By Brenda Lincke Fisseler
On the surface, this appears to be a story about a rural Texas cemetery, but it is really about a promise — a promise made, and a promise kept.
The Thigpen Cemetery is on the John Smithers Survey in Lavaca County. The cemetery is the final resting place for six members of the extended Thigpen family, including William Thigpen, who died in 1887, and it is possibly the resting place of an unlucky squirrel hunter by the name of Gordon.
My husband and I discovered this abandoned neighborhood cemetery in 2005 and decided we could save it from literally disappearing into the landscape. We were committed to the project, but we needed help.
|A Caterpillar is pictured clearing underbrush at the Thigpen Cemetery in 2007
When help is not readily available, you must create it on your own. My research on cemetery restoration lead me to Senate Bill 951, enacted by the Legislature in 2005. The bill states that:
For purposes of historical preservation, or public health, safety, or welfare, a commissioners court may use public funds, county employees, county inmate labor as provided by Article 43.10, Code of Criminal Procedure, and county equipment to maintain a cemetery that has a grave marker more than 50 years old.
Armed with this information, I approached my county commissioner, the now deceased Charles Netardus, and proposed a cemetery restoration pilot program based on SB 951 in February 2006. In return for our promise to maintain the cemetery and obtain a Historic Texas Cemetery designation from the Texas Historical Commission, Netardus would assist with the initial clearing of the trees, shrubs and undergrowth in the cemetery. I also hoped this would set a precedent for other cemetery projects in our county.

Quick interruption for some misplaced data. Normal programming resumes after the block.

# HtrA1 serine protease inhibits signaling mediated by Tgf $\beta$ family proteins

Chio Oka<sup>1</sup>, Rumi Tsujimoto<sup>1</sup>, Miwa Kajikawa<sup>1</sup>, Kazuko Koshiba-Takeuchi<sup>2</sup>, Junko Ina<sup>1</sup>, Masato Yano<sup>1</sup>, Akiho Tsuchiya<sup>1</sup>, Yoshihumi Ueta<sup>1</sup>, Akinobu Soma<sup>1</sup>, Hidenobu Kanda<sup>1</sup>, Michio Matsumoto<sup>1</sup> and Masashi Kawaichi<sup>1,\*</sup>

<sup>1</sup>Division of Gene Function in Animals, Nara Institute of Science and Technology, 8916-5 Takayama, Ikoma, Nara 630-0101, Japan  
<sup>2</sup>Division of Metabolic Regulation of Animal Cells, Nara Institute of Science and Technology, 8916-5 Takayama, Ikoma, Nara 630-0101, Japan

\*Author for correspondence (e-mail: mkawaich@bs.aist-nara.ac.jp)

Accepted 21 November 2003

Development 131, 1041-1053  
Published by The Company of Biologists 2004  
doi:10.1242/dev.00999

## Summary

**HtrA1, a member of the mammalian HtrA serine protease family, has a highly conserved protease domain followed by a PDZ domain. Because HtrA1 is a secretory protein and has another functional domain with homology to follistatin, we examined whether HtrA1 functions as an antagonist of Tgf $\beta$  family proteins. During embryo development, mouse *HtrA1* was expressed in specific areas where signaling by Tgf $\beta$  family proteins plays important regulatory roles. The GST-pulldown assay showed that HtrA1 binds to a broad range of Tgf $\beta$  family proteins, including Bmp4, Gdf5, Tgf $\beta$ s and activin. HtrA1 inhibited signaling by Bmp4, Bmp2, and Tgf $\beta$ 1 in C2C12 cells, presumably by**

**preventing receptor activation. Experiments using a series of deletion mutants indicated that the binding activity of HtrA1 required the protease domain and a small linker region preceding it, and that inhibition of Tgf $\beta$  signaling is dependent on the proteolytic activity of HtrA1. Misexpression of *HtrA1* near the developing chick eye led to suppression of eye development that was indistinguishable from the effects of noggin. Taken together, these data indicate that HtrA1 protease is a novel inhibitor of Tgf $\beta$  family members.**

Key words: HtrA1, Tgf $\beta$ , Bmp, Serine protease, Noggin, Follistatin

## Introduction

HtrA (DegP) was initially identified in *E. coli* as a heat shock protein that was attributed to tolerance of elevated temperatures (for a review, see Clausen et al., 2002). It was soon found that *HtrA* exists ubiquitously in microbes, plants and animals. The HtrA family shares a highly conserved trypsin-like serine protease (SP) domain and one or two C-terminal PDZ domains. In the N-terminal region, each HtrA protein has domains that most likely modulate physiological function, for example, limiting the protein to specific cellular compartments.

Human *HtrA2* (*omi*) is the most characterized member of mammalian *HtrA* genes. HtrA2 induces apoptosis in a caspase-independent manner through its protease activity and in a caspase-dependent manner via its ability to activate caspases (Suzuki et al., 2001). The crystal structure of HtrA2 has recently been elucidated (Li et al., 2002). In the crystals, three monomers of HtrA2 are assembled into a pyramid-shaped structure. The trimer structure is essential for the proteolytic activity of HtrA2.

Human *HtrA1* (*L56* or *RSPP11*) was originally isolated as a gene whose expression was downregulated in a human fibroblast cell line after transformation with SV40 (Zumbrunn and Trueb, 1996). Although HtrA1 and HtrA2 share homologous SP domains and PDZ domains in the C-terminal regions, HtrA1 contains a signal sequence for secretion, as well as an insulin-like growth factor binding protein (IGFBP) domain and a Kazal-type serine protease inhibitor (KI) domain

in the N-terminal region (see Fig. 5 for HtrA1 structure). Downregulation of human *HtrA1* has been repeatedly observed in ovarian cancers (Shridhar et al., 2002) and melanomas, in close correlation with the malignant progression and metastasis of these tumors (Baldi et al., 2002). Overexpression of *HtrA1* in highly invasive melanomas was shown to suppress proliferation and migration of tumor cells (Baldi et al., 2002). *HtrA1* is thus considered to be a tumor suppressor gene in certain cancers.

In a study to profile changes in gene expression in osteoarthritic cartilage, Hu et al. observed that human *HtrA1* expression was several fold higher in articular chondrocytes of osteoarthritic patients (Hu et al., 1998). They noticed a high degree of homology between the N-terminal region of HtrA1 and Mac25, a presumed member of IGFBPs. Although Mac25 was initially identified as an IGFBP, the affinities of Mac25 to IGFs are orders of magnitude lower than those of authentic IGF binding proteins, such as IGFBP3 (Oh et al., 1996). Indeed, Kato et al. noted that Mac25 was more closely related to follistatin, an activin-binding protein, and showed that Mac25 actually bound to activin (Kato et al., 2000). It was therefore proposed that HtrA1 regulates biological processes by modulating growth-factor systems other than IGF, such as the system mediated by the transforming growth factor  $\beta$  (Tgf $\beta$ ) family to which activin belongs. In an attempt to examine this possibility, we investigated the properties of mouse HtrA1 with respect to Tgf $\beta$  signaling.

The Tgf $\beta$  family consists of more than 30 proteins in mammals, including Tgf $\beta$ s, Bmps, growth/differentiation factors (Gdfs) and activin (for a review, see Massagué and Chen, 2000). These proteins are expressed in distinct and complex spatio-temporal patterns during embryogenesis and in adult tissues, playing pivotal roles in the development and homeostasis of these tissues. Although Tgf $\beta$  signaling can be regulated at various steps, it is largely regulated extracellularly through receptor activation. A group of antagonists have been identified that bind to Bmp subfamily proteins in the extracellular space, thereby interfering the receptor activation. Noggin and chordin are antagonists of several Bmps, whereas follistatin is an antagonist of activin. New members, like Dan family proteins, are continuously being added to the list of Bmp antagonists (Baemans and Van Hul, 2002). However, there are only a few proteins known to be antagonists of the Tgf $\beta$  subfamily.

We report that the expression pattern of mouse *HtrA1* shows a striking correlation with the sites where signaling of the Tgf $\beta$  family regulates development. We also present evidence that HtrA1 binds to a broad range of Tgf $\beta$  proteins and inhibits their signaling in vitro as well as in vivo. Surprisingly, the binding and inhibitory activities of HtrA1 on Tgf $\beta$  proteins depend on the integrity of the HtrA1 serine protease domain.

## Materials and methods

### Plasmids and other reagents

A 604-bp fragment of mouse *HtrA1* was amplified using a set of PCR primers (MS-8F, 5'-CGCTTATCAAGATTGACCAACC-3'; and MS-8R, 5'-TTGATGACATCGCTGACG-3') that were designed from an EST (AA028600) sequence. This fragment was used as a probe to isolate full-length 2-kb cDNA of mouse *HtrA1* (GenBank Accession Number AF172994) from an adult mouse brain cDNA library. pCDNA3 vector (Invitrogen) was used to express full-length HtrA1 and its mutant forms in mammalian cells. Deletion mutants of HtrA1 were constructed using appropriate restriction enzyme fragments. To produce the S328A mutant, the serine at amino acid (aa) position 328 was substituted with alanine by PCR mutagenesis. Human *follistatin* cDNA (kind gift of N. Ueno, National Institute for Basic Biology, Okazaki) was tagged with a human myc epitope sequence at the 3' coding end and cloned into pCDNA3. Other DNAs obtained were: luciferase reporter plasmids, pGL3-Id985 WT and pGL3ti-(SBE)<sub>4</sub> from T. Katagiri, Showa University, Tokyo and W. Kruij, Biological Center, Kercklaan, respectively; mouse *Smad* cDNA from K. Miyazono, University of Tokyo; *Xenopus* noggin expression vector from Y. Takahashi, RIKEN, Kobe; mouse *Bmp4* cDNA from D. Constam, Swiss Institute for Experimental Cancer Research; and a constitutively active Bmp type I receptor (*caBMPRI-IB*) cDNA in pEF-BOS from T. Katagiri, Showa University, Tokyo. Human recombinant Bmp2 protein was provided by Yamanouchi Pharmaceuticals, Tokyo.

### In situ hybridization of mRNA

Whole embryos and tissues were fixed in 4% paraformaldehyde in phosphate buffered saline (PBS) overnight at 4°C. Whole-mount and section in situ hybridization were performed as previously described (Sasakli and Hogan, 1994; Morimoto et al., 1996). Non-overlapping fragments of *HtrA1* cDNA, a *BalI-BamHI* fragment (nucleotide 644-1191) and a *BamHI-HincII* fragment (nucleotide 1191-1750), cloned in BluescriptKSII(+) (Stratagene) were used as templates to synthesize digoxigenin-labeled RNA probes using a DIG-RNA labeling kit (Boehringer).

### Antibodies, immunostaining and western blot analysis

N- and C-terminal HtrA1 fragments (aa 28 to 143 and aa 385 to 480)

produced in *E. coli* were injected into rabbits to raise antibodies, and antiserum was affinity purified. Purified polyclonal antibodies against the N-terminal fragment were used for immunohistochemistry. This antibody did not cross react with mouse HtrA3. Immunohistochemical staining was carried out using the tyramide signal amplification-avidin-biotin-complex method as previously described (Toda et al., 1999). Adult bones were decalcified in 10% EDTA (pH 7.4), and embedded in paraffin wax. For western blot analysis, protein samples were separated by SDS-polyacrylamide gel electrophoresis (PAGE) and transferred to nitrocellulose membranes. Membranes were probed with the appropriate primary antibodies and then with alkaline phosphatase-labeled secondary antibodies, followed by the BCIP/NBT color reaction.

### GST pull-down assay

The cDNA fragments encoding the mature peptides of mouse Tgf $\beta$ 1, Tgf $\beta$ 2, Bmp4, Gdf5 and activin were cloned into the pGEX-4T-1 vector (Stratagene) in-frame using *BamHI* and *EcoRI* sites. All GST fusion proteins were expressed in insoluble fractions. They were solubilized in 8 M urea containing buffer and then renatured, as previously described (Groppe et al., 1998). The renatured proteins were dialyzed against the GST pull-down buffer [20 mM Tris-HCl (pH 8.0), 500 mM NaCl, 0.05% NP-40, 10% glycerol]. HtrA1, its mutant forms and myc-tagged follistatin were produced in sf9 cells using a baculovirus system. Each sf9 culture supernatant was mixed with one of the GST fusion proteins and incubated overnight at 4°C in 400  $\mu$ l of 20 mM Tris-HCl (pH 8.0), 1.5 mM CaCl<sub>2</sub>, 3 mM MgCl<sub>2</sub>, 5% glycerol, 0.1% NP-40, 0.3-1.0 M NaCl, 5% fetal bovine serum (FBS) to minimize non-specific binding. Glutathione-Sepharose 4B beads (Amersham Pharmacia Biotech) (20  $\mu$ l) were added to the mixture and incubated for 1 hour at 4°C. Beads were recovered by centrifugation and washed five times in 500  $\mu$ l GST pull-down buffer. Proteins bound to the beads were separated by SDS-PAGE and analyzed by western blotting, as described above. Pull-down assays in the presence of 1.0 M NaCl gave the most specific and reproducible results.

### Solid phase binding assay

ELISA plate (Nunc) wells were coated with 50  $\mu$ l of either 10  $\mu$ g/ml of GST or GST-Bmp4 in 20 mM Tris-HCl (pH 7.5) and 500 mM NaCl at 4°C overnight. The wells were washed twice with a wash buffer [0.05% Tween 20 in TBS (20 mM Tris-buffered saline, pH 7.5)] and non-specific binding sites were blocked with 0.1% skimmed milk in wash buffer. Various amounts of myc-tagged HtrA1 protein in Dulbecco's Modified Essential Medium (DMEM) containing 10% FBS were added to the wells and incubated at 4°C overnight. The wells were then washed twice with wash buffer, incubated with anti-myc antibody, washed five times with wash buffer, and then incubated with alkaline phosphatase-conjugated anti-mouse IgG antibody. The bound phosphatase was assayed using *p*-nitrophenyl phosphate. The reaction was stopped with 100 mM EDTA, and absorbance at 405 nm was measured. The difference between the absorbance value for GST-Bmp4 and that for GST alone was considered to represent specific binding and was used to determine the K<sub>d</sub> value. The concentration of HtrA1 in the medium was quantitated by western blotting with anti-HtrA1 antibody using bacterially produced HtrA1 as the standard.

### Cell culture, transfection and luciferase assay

After some fence relocation for access to the cemetery, on June 15, 2007, Ronnie Opela, a Precinct 1 employee operating a Caterpillar, cleared the cemetery of decades of undergrowth. Netardus also contacted the Texas Department of Transportation about the cleanup of state property between U.S. Highway 77A South and the entrance to the cemetery and later provided fill dirt for low areas in the cemetery
What followed was 13 years of shredding, mowing, spraying, chopping and burning. We worked at the cemetery whenever time allowed. During the summers, we mowed, and during colder weather, we cleared by hand the brush between the grave markers that could not be reached by the Caterpillar. Believe me, one of the last places you want to be during a Texas summer is in a cemetery with bugs, snakes and poison ivy!
|It took more than a decade, but Brenda Lincke Fisseler and her husband, with the help of others, restored the historic Thigpen Cemetery in Lavaca County. A descendant of the Thigpen family installed a new sign. Photo: Courtesy of Brenda Lincke Fisseler
On occasion, individuals who were descendants of the Thigpen family would stop by the cemetery and generously thank us for our efforts because they were unable to physically assist us due to age or distance. One day, that changed with the appearance of the Randy and Jan Ritter family of Sugar Land.
Jan Ritter is a descendant of the Thigpen family, and the Ritters immediately joined the effort to help maintain and improve the cemetery. The couple cleared brush, repaired and cleaned the tombstones, and created and installed a new Thigpen Cemetery sign.
On Aug. 22, 2020, the Thigpen Cemetery was awarded a Historic Texas Cemetery designation by the Texas State Historical Commission.
A promise made, a promise kept, a cemetery saved.
Brenda Lincke Fisseler is the director of the Friench Simpson Memorial Library in Hallettsville.